“My aim in writing this book is to provide a supplement in historical form—both to the younger generation of scientists and teachers and through them to incoming students—that describes how we first learned some of the molecular fundamentals of biology,” writes Darnell.

The book will be useful to teachers of undergraduates, as it provides clear descriptions of major developments in the field of RNA research across a historical timeline, beginning over 100 years ago and continuing to the present day. Darnell enthusiastically and eloquently describes the intellectual context in which each question first arose and explains how the key experiments were structured and answers obtained. (more…)

RNA experimentToday’s molecular biologist must be proficient in working with RNA, but experiments with this fragile nucleic acid can be daunting and frustrating.  To help, Don Rio, Manny Ares, Greg Hannon, and Tim Nilsen, all leading authorities in RNA research, have assembled their expertise in a new lab reference – RNA: A Laboratory Manual.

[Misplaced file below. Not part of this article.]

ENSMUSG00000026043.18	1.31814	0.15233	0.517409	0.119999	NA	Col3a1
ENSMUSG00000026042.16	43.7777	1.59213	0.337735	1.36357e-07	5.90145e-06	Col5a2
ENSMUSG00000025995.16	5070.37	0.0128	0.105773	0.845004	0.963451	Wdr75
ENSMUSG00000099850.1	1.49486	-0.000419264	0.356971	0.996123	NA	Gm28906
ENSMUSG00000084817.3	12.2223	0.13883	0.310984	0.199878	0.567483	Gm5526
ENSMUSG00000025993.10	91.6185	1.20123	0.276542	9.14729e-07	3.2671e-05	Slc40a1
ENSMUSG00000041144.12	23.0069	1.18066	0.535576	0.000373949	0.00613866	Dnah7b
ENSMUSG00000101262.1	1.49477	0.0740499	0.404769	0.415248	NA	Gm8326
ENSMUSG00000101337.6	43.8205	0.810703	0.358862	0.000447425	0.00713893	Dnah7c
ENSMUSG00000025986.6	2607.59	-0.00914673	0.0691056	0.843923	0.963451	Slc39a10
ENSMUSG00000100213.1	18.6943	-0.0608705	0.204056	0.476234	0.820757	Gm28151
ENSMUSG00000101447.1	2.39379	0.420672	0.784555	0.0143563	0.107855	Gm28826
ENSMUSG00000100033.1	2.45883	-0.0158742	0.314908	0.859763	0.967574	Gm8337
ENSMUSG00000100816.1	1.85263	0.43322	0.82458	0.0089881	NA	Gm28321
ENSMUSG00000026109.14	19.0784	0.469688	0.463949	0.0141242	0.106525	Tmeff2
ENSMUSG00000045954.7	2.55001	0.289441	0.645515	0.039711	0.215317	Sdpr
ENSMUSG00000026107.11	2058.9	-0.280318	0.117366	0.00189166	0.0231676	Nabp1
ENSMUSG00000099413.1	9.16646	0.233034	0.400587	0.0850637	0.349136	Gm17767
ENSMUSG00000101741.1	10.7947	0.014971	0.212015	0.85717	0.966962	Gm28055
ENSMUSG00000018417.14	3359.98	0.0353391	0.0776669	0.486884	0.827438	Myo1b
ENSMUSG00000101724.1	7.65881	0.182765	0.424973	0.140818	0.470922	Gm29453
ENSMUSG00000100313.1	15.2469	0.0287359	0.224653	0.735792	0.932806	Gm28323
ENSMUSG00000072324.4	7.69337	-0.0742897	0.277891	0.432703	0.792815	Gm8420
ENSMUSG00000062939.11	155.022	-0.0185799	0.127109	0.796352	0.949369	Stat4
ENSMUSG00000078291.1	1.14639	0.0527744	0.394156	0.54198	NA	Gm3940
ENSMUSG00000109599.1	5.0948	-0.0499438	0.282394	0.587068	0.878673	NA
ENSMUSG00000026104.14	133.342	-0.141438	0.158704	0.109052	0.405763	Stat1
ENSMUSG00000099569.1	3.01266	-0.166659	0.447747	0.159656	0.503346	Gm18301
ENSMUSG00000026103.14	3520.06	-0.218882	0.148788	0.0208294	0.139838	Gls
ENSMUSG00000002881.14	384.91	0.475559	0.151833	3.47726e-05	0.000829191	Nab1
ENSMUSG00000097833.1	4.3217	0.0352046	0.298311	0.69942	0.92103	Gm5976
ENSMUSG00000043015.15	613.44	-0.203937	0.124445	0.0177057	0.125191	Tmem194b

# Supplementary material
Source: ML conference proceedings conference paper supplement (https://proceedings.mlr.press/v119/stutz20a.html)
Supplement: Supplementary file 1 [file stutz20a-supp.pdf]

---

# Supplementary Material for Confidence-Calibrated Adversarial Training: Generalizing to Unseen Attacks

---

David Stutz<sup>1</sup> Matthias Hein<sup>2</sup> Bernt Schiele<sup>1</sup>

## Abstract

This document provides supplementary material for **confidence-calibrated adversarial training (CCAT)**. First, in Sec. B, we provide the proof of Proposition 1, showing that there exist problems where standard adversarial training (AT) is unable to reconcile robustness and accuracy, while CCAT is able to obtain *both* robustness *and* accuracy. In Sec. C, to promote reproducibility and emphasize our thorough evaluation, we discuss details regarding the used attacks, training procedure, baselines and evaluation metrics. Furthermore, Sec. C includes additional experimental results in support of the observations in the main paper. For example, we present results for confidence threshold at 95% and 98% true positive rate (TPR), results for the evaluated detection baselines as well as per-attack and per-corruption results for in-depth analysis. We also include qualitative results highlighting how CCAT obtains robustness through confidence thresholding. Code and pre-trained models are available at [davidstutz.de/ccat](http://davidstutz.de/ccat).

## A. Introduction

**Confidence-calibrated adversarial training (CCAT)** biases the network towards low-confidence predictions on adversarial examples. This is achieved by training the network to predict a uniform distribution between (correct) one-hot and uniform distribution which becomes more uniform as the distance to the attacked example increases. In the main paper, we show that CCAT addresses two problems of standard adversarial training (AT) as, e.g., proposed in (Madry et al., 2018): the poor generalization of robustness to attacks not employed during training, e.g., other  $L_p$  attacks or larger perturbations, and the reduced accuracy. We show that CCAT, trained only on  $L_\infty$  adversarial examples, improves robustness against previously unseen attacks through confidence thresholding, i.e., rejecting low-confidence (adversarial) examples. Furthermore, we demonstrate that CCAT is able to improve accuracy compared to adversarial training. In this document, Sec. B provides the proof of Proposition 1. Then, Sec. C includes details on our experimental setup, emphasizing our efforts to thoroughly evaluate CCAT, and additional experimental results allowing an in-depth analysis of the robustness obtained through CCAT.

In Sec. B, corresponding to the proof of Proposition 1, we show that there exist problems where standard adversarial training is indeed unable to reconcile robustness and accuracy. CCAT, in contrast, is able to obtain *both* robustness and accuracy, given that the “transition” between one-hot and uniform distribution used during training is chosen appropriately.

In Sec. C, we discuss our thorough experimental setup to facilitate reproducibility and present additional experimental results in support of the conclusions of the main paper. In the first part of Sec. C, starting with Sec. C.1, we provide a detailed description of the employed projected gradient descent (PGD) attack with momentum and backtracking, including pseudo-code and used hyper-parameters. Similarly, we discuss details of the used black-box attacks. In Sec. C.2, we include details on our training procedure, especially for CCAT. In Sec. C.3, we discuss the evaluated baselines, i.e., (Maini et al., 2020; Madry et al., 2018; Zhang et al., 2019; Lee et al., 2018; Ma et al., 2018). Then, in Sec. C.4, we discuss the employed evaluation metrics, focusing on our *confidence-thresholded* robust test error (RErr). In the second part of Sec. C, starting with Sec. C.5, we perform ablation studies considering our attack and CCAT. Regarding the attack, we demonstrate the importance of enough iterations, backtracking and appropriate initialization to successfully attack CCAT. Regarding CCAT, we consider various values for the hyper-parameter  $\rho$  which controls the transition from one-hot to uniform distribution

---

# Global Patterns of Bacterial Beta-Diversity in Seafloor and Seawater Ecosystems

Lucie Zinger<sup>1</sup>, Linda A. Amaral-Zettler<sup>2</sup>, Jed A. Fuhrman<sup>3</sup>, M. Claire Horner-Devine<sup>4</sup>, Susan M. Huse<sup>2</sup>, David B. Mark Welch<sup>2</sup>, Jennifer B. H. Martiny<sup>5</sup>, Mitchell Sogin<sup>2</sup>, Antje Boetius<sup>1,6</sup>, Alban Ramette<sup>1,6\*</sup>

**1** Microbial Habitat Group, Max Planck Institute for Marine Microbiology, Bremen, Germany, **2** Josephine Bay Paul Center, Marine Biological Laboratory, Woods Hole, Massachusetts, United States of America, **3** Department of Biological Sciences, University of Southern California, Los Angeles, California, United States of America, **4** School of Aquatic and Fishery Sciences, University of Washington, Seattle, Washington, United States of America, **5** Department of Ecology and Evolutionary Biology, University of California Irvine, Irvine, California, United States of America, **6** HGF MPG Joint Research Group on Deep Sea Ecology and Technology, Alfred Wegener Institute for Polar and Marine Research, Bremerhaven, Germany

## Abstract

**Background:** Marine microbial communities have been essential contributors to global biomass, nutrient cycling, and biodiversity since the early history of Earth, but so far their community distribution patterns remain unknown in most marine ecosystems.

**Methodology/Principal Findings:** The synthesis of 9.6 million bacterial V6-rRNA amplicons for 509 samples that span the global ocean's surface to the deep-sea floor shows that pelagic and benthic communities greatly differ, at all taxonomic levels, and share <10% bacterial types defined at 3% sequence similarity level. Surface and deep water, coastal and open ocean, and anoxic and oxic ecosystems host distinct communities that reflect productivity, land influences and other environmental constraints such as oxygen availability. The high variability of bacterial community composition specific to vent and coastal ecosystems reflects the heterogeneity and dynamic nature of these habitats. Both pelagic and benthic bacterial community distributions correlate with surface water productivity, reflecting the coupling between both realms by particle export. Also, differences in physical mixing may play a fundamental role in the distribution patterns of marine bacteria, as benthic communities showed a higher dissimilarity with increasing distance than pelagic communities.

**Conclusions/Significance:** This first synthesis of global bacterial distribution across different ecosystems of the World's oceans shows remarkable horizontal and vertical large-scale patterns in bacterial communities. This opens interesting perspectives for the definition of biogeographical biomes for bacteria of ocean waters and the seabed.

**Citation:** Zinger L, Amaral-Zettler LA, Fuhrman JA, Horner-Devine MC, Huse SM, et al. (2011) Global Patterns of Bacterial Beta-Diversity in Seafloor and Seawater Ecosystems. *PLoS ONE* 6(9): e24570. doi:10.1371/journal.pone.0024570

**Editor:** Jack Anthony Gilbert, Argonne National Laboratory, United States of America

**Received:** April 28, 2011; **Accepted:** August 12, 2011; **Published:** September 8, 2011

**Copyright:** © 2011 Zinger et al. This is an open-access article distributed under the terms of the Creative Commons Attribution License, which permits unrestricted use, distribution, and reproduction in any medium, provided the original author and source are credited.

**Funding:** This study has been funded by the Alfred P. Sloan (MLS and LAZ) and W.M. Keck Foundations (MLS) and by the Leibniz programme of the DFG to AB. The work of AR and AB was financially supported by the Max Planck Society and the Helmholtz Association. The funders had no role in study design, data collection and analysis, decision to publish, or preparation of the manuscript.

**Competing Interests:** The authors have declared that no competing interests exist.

The manual presents a broad range of current techniques used in RNA research, from the most fundamental to the most sophisticated.  It contains detailed step-by-step protocols and extensive tips and troubleshooting information, as well as background information and strategies for approaching any RNA investigation. (more…)

Cap analysis gene expression (CAGE) is a method used to discover new promoters and for quantifying gene activity, providing data essential for studies of regulatory gene networks. But CAGE requires large amounts of RNA, which are often not obtainable from rare specimens. In the January issue of Cold Spring Harbor Protocols Piero Carninci and colleagues from the RIKEN Yokohama Institute’s Omics Science Center present NanoCAGE: A High-Resolution Technique to Discover and Interrogate Cell Transcriptomes, a method that can capture information from as little as 10 nanograms of total RNA. The protocol describes how to rapidly prepare nanoCAGE libraries which can be sequenced with high sensitivity. As one of January’s featured articles, the protocol is freely available to subscribers and non-subscribers alike.

How do you see something smaller than the wavelength of light itself? Fluorescence microscopy is the most common optical technique used for visualizing cellular functions. The latest techniques allow labeling of specific organelles and proteins with molecular precision. But conventional microscopy cannot resolve objects closer than 200 nanometers at the focal plane. Many subcellular structures and groups of proteins occur on the 10 nanometer scale. A true understanding of cellular physiology requires new superresolution methods.